On Fri, 2014-08-08 at 14:39 -0600, Rich Megginson wrote:
> On 08/08/2014 02:35 PM, Simo Sorce wrote:
> > On Fri, 2014-08-08 at 10:09 -0600, Rich Megginson wrote:
> >> On 08/08/2014 08:57 AM, brendan kearney wrote:
> >>> Kerberos is dependent on A records in dns. The instance (as in
> >>> principal/instance@REALM) should match the A record in dns.
> >>> There is absolutely no Kerberos dependency on hostnames being fully
> >>> qualified. I have all my devices named with short names and I have no
> >>> issues with Kerberos ticketing.
> >>> This seems to be an artificial requirement in FreeIPA that is wrong.
> >> The other hostname requirement is for TLS/SSL, for MITM checking. By
> >> default, when an SSL server cert is issued, the subject DN contains
> >> cn=fqdn as the leftmost component. clients use this fqdn to verify the
> >> server. That is, client knows the IP address of the server - client
> >> does a reverse lookup (i.e. PTR) to see if the server returned by that
> >> lookup matches the cn=fqdn in the server cert. This requires reverse
> >> lookups are configured and that the fqdn is the first name/alias returned.
> > This is incorrect, clients check that the name they've been told to use
> > matches what the certificate says is the name of the server.
> > PTR records are never and *should never* be used to check certificate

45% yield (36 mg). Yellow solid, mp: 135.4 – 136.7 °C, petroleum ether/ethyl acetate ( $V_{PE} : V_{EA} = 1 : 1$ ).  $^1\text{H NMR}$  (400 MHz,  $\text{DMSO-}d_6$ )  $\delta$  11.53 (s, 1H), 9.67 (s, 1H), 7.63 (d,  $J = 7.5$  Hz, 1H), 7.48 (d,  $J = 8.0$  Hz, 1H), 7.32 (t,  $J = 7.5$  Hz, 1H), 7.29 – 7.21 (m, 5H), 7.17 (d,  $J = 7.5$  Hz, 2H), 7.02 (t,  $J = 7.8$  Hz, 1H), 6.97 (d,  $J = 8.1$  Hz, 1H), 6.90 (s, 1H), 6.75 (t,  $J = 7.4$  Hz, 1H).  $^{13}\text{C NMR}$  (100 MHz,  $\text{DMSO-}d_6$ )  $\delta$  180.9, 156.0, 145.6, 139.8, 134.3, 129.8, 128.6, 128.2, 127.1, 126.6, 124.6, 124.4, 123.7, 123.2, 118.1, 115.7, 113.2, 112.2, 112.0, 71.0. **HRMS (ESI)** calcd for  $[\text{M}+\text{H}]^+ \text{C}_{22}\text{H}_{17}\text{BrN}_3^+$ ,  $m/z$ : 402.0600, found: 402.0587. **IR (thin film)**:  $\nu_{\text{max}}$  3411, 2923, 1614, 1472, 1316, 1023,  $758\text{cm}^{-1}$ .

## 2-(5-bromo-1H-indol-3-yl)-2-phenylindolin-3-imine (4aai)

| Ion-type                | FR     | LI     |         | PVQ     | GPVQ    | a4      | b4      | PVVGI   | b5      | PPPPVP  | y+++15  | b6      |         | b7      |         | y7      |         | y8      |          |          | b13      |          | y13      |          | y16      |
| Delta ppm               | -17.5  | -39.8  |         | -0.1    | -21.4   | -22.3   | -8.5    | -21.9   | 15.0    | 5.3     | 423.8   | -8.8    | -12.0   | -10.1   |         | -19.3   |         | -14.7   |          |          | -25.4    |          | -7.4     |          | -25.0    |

> > names or it would be absolutely trivial to MITM clients by redirecting
> > them to a different IP address or spoofing the PTR reply from DNS to a
> > certificate that is completely unrelated to the server you wanted to
> > connect to.
> Sorry. Yes, you are correct. The TLS/SSL client does not do a PTR
> lookup, it does an A/AAAA lookup of the host specified in the server
> cert subject DN, then sees if that IP address matches the IP address of
> the server from the network connection.
Nope, it doesn't do this either.
The application may do a DNS A/AAAA request to find out what is the
server IP (although that may also be set in /etc/hosts locally) *before*
it even tries to connect to the server (and therefore before seeing the
certificate). Once it has connected though it just does a straight
comparison of the name requested by the user with the name in the cert.
If it did a DNS lookup of the name found in the cert it would be subject
to the same MITM attack by presenting a randomly named cert and then
spoofing the A/AAAA DNS request.
Simo Sorce * Red Hat, Inc * New York
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